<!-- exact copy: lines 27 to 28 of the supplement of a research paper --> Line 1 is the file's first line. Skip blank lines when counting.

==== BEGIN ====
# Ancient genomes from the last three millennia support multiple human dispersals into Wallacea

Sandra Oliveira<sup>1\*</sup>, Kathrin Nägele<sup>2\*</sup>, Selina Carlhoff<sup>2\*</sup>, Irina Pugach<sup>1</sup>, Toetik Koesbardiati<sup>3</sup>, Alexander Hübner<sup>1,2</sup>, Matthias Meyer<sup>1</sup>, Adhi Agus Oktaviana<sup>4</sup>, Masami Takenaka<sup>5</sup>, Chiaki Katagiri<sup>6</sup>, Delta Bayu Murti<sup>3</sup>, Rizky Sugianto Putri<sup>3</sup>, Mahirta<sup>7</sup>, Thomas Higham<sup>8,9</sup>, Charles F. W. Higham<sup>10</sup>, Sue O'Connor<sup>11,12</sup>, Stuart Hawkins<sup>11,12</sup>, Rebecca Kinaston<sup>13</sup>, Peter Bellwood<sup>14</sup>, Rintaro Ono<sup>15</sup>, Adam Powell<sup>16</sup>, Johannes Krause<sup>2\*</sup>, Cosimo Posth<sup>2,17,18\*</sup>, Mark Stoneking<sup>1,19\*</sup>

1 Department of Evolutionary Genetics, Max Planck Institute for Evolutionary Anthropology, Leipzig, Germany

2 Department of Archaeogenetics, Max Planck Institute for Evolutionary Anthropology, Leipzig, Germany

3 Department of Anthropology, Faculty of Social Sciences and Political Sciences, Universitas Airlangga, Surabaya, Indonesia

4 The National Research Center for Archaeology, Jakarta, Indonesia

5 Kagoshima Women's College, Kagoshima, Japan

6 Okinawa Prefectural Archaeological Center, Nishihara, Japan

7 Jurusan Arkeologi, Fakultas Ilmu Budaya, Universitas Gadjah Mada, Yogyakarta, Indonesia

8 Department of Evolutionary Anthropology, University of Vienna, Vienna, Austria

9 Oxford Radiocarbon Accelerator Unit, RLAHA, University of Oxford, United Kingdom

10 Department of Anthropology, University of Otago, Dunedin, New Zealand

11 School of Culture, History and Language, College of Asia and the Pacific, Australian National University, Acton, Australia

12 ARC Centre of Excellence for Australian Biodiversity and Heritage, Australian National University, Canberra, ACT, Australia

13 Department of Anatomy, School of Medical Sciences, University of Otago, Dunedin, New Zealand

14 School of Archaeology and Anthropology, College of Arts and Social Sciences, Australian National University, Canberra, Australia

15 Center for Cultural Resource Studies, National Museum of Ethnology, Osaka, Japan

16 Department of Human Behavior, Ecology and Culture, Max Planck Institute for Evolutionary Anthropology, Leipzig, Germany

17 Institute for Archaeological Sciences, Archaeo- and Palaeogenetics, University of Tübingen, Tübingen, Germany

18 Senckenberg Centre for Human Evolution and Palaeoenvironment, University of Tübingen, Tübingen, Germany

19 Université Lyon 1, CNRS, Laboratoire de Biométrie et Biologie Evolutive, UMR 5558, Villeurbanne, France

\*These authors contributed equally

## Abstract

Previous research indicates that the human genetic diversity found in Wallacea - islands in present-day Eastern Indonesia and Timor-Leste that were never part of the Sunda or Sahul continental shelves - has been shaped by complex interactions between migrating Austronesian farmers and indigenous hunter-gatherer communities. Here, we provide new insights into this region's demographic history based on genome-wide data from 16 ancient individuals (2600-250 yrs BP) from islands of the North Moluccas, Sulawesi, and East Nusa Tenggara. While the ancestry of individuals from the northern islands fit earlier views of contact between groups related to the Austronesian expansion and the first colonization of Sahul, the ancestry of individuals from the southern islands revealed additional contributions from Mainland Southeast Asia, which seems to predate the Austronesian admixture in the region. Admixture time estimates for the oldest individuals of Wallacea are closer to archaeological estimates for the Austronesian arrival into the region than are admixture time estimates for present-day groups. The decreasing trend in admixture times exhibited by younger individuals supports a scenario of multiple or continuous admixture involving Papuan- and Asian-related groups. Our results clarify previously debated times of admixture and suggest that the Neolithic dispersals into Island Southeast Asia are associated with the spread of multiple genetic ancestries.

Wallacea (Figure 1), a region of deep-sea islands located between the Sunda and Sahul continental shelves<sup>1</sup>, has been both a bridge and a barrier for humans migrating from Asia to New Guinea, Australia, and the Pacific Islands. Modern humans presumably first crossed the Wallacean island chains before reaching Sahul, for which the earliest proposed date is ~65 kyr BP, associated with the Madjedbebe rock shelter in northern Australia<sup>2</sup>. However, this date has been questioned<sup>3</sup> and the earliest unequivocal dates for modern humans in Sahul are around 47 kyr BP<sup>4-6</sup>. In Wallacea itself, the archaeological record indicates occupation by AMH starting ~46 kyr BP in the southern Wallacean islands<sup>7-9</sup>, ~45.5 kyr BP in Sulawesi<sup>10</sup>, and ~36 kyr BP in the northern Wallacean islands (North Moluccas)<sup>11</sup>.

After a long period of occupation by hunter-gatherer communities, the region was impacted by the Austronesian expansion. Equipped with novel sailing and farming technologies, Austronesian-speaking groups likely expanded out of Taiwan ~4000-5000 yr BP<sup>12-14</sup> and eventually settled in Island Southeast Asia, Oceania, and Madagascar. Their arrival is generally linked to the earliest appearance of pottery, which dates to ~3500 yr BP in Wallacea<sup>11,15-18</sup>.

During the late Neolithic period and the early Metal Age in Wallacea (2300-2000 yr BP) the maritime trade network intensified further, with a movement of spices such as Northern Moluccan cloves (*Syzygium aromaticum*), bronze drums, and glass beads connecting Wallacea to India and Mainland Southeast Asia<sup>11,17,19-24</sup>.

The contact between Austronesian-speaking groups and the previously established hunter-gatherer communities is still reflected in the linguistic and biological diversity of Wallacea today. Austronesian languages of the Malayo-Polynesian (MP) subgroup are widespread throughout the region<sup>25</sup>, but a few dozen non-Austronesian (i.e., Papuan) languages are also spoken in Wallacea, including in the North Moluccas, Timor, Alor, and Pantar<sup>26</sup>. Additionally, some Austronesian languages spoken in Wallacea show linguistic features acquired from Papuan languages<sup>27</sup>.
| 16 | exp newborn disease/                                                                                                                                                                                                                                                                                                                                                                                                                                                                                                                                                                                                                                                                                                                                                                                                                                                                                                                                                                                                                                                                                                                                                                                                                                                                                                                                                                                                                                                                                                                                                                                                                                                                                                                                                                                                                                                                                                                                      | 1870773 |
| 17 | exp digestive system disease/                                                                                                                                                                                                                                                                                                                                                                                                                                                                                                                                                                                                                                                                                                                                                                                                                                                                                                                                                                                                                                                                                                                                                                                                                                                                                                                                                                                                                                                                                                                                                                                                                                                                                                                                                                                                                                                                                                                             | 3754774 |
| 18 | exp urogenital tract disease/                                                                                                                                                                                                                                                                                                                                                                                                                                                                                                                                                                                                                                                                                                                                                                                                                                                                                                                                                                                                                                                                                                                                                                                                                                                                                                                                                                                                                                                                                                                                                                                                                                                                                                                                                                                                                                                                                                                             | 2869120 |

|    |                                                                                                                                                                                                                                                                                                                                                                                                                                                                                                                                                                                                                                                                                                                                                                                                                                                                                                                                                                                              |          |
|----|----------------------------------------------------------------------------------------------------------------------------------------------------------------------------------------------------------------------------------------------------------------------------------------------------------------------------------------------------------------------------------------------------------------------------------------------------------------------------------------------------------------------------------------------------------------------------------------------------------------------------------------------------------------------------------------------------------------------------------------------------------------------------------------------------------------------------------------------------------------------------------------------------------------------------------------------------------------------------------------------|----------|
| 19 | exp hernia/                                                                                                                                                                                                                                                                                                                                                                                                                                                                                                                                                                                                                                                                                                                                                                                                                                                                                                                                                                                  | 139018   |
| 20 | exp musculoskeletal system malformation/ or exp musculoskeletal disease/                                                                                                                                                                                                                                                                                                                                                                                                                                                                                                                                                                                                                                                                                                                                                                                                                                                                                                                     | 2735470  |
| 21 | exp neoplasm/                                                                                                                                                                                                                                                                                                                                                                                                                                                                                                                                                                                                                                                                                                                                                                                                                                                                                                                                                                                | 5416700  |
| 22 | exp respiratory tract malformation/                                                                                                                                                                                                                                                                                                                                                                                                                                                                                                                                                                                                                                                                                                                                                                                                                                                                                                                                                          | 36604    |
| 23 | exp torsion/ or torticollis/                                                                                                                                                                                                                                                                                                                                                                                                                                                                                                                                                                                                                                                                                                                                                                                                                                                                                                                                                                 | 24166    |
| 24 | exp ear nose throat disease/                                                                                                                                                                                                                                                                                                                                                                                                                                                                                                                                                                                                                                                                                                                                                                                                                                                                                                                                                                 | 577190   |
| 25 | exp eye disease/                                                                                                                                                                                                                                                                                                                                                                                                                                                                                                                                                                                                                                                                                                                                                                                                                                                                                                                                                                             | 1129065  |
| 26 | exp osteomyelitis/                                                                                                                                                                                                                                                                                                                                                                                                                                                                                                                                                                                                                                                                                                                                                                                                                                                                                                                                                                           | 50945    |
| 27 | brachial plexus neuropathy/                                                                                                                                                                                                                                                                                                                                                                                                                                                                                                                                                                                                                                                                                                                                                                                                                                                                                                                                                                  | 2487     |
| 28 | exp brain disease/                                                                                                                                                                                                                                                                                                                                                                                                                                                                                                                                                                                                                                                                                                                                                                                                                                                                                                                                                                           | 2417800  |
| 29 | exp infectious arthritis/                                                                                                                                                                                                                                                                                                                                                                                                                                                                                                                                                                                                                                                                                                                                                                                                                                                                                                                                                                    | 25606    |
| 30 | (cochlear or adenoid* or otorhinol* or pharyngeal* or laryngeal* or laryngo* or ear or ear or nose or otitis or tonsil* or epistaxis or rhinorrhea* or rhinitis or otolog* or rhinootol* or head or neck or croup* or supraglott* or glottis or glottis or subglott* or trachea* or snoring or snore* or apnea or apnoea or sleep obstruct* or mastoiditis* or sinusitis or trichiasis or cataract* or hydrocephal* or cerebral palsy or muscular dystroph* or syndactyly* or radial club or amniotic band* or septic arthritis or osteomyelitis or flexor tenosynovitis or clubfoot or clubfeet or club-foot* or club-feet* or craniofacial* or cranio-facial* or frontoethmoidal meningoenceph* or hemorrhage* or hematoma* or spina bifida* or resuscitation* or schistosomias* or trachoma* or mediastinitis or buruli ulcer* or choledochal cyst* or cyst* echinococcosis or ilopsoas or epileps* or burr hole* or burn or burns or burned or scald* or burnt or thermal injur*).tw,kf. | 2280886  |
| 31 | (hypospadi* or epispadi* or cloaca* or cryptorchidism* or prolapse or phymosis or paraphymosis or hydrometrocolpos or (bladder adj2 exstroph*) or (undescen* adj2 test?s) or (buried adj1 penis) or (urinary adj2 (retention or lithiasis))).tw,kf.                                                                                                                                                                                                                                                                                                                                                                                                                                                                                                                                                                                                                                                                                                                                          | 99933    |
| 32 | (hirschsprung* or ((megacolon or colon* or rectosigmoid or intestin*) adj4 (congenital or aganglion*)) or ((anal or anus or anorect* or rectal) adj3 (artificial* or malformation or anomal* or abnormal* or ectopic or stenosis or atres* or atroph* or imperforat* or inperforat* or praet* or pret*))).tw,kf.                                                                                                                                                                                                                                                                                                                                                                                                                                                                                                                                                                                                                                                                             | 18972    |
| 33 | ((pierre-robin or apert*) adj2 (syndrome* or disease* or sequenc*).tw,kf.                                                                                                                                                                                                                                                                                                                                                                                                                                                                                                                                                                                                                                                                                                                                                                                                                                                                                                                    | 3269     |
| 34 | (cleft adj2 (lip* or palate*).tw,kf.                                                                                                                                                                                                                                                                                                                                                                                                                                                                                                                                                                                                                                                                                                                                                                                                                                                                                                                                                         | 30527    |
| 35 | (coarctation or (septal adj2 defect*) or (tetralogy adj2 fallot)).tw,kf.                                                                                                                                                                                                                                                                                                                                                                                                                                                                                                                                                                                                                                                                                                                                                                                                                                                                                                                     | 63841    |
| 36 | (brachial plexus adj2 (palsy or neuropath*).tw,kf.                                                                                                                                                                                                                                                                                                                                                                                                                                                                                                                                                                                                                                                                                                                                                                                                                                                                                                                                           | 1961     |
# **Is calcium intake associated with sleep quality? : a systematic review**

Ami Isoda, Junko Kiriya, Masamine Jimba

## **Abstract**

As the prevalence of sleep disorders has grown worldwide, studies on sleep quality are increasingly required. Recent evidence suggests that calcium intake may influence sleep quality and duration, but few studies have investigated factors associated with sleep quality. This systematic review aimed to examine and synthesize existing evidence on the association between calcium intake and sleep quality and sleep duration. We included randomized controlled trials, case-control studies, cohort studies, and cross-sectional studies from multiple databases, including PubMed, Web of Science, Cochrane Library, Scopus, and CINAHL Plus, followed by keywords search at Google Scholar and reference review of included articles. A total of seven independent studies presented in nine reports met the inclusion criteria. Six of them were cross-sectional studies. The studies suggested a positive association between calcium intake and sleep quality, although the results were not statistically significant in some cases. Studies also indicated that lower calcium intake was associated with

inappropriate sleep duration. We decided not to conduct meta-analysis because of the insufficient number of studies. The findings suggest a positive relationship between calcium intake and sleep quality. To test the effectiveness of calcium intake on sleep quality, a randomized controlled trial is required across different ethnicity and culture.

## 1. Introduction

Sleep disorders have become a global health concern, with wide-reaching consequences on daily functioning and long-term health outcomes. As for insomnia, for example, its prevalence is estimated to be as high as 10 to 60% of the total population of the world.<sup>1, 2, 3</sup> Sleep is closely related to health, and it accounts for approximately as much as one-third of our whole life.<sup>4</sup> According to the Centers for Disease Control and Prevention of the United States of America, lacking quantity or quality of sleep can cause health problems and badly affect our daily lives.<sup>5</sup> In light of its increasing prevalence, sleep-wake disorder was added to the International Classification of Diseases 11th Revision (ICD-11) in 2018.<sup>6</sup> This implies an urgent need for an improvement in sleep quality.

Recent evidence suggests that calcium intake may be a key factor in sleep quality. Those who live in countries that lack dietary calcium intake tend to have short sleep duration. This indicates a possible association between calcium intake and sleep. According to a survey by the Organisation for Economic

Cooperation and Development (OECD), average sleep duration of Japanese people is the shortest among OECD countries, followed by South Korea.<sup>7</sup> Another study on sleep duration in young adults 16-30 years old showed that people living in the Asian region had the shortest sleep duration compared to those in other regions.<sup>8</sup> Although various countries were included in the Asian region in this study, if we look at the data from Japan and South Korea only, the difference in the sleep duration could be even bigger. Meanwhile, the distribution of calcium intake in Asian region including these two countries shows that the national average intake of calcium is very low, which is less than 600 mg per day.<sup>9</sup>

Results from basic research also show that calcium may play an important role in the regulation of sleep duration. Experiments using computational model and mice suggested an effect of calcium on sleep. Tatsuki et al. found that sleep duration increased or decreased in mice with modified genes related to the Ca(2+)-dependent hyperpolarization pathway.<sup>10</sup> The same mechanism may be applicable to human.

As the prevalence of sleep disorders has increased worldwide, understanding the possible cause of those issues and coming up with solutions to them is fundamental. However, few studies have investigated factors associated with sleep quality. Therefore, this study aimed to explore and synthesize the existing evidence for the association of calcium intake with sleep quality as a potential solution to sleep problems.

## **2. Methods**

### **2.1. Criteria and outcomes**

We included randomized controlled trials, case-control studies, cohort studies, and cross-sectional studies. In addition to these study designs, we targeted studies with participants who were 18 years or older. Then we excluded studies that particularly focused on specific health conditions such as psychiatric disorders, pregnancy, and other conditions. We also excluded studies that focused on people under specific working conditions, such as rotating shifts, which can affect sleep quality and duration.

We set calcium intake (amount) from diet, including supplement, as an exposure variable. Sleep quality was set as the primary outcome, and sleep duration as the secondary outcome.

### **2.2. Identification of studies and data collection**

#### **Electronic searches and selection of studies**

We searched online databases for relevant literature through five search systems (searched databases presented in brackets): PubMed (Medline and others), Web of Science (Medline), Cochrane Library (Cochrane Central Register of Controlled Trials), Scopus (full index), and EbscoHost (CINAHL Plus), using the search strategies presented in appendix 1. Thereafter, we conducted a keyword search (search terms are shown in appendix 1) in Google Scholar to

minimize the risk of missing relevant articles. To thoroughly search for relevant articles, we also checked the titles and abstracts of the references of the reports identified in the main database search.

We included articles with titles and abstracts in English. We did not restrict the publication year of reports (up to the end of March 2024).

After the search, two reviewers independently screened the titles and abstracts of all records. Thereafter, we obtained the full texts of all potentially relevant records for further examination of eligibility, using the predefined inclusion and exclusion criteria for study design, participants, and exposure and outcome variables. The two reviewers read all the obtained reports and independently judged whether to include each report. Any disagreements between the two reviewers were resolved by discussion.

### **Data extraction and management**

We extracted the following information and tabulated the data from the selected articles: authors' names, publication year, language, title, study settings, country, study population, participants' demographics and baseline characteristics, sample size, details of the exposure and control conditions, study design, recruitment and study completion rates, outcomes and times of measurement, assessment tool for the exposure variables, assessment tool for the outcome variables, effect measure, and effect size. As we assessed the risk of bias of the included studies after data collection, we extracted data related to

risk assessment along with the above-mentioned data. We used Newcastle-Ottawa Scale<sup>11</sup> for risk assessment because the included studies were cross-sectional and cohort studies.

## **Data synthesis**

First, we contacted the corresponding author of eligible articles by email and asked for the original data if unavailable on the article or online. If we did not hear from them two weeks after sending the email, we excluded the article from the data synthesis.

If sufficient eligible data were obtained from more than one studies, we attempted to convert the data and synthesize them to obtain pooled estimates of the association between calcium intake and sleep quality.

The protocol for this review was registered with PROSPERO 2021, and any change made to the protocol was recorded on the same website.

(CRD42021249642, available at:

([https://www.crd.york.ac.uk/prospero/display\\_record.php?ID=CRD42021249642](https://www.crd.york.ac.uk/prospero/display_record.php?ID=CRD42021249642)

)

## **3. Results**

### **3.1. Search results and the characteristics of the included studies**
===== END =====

During the late Neolithic period and the early Metal Age in Wallacea (2300-2000 yr BP) the maritime trade network intensified further, with a movement of spices such as Northern Moluccan cloves (*Syzygium aromaticum*), bronze drums, and glass beads connecting Wallacea to India and Mainland Southeast Asia<sup>11,17,19-24</sup>.

The contact between Austronesian-speaking groups and the previously established hunter-gatherer communities is still reflected in the linguistic and biological diversity of Wallacea today. Austronesian languages of the Malayo-Polynesian (MP) subgroup are widespread throughout the region<sup>25</sup>, but a few dozen non-Austronesian (i.e., Papuan) languages are also spoken in Wallacea, including in the North Moluccas, Timor, Alor, and Pantar<sup>26</sup>. Additionally, some Austronesian languages spoken in Wallacea show linguistic features acquired from Papuan languages<sup>27</sup>.